His two-word statement was delivered crisply and unvarnished— as one would expect from a seasoned Marine officer and attack pilot. It caught me off guard. Not because I was some delicate flower unaccustomed to such language, but by the depth of his sincerity. His comment wasn’t about anything I had done, but it spoke volumes about his admiration for the combat exploits of a small but determined group of Air Force aviators.
In the spring of 2012, I was stationed at Camp Pendleton, California as an Air Force exchange officer flying UH-1Y helicopter gunships. Normally assigned to a different squadron, on this particular day I was assisting a sister unit with a functional check flight (FCF) for a UH-1Y that had recently received some maintenance action. While I stood at the operations receiving a brief from the day’s duty Lieutenant, a particular higher ranking officer walked up to the desk. Noticing the rank sewn onto my flight suit (Marines don’t wear shoulder rank on their flight suits), he paused to look me over; he leaned ever so slightly to see the Marine squadron patch on my right shoulder and then examined my black leather name tag which clearly labeled me as “Captain…USAF.” Apparently satisfied with his non-verbal inquisition, he asked me “Why are you here?” I figured this was not an existential question and replied, “I’m down here to do a Functional Check Flight on one of your birds, sir.” “Hmm, what do you fly?” Fair question. “Yankees,” I answered, assuming he didn’t know I was a UH-1Y pilot and simply wanted to know which of their unit’s three different helicopters I was going to check out. He replied “No, what do you fly in the Air Force?” “I fly 60s, sir.” Pause. “Were you a Pedro pilot?”
His question implied a lot. It meant he’d spent time in Afghanistan. All Air Force HH-60G rescue helicopters flew under the “Pedro” radio callsign in Afghanistan and had done so for years. Having just spent seven months in Helmand, Afghanistan, with the Marines, I also understood the likely experience he’d had with the “Pedros.” During my unit’s deployment, our UH-1Y’s and AH-1W’s frequently provided armed escort for the medical evacuation missions the Pedros flew into hot landing zones. I’d flown several of these escort missions myself. Understanding all of this, I answered his question with a very flat “Yes, sir.” This answer gave him another noticeable pause, as if to calculate the precision and weight of his next words, then he looked at me very intently, and in a faintly visceral tone, stated “F-ing heroic.” He turned and walked away without another word.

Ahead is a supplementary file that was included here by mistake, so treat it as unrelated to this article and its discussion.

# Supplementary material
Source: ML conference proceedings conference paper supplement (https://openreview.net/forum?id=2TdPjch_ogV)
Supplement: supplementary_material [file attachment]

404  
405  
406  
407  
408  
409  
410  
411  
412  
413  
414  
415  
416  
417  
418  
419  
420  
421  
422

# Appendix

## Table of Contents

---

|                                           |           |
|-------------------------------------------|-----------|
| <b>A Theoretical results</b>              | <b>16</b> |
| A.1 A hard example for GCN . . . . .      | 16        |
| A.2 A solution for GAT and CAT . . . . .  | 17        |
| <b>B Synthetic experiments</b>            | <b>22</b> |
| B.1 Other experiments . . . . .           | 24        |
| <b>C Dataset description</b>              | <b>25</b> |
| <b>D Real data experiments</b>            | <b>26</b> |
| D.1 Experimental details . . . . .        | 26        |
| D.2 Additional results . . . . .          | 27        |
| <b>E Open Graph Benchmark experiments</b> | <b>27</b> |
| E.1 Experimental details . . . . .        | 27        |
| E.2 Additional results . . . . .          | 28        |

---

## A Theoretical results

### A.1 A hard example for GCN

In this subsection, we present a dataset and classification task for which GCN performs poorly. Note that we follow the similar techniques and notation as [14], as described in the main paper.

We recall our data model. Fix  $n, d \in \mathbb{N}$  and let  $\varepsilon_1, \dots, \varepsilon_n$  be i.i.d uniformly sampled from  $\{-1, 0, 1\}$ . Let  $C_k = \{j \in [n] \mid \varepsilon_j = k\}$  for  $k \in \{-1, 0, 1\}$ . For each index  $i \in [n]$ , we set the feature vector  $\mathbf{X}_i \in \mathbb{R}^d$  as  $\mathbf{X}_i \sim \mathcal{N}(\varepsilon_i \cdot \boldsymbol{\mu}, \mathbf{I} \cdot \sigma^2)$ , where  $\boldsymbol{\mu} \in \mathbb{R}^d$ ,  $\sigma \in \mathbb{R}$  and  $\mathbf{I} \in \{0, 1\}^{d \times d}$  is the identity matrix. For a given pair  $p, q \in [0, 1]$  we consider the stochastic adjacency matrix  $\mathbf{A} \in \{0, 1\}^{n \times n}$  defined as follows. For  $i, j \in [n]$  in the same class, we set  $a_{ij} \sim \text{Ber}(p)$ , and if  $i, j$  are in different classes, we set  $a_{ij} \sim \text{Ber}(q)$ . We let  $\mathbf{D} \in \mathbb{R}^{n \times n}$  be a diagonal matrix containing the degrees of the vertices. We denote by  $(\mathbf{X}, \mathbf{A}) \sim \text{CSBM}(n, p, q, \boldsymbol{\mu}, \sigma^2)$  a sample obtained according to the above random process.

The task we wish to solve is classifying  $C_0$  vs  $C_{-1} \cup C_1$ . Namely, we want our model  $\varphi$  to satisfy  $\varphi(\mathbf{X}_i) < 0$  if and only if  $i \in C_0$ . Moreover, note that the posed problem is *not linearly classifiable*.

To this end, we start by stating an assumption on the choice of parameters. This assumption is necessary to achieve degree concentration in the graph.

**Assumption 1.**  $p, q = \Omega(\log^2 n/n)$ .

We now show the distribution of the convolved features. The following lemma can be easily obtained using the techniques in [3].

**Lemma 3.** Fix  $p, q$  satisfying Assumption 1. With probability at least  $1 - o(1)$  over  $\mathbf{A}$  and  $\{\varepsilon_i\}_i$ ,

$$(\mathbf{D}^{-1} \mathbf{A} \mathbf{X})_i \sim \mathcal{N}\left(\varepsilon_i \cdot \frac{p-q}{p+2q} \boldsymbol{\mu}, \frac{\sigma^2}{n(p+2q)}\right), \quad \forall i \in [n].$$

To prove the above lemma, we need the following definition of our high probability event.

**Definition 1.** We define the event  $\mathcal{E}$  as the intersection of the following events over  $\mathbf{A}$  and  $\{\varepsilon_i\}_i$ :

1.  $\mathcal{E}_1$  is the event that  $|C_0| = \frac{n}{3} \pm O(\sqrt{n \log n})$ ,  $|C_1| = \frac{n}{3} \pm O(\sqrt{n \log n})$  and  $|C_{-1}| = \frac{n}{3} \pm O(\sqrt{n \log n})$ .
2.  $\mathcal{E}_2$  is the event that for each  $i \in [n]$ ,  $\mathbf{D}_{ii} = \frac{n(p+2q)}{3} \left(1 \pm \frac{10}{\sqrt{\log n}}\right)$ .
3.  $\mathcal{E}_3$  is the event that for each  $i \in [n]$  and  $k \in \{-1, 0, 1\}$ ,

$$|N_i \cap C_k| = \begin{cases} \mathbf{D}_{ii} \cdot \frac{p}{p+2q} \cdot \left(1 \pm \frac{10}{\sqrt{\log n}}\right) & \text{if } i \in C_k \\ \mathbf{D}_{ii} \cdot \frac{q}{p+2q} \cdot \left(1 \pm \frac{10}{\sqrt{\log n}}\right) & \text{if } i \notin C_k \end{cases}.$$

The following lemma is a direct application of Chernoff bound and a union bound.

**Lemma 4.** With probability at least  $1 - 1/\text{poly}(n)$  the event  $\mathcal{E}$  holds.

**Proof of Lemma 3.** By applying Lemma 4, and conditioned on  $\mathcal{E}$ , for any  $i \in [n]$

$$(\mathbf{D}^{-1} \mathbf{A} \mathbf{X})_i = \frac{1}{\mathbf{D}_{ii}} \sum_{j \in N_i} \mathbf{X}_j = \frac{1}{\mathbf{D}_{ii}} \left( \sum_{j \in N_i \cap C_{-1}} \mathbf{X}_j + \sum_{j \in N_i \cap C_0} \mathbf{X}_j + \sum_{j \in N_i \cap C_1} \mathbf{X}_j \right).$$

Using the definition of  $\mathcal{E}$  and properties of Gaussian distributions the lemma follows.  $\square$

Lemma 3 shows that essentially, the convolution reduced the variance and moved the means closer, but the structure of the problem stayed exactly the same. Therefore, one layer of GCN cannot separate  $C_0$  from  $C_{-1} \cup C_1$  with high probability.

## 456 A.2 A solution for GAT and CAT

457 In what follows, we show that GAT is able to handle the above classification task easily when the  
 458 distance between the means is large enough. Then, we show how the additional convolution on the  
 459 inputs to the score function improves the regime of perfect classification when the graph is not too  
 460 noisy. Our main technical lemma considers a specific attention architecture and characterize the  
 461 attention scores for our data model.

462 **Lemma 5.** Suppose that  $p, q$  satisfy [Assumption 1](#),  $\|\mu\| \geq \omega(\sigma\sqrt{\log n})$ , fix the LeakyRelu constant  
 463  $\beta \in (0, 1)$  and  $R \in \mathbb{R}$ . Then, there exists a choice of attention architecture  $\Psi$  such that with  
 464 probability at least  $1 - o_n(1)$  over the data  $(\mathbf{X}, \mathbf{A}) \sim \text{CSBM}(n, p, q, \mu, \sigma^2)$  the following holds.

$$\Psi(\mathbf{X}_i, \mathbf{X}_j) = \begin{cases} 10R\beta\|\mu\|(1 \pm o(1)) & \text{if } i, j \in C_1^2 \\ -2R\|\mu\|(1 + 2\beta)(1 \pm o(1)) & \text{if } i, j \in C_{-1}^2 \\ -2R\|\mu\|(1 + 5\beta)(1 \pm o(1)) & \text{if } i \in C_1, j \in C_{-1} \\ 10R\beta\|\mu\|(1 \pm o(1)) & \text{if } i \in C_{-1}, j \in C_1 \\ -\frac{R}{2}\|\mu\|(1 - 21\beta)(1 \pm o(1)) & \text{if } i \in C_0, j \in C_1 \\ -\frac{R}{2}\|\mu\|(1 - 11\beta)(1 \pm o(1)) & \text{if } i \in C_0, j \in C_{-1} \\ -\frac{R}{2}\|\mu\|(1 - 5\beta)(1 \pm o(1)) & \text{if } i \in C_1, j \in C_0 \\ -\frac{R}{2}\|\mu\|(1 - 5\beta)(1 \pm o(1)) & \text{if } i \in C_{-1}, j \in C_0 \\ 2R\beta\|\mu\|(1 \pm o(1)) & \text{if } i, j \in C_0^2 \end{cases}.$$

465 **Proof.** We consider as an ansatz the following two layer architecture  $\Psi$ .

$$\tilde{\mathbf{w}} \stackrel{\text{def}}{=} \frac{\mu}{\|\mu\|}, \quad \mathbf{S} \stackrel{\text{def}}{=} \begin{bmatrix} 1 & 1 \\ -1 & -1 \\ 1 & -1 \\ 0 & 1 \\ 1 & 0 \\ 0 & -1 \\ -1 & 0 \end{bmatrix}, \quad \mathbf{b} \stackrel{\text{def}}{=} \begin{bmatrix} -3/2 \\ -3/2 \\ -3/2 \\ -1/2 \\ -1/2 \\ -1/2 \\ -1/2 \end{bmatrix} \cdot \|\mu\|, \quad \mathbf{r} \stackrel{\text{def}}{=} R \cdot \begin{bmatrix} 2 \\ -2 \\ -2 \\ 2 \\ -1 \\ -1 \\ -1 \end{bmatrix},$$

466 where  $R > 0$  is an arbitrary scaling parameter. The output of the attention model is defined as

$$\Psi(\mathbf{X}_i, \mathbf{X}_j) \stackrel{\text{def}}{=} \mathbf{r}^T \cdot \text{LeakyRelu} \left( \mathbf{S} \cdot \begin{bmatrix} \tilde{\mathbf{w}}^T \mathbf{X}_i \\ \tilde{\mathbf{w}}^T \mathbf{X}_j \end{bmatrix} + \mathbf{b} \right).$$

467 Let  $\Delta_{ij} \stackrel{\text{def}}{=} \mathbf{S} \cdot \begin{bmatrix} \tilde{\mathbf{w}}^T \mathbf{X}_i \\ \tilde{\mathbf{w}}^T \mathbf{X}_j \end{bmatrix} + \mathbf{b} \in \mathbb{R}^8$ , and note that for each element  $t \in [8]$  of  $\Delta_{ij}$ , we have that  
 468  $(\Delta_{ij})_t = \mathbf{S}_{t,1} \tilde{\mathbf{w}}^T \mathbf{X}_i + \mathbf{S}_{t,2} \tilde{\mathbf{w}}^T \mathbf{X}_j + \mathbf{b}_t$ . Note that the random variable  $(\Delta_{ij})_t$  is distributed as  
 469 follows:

–Brandon “Sack” Losacker
The heroic reputation of Combat Search and Rescue (CSAR) Airmen is well earned and well known. At some point, however, even the most august group of warriors become limited when the tools and concepts they employ are no longer adequate to the new challenges of an evolving multi-domain battlespace. As a tribute to these warriors OTH will begin a new series next week dedicated to examining the history, shortfalls, and innovative growth opportunities in the Air Force’s CSAR helicopter force—a force that is a cornerstone of the larger joint and coalition Personnel Recovery enterprise. Written by Brandon “Sack” Losacker, it will kick off with next Monday, August 7th, and look at what tools and concepts are needed to restore the sacred assurance that we will not abandon our warriors.
Disclaimer: The views expressed are those of the author and do not necessarily reflect the official policy orposition of the Department of Defense or the U.S. Government.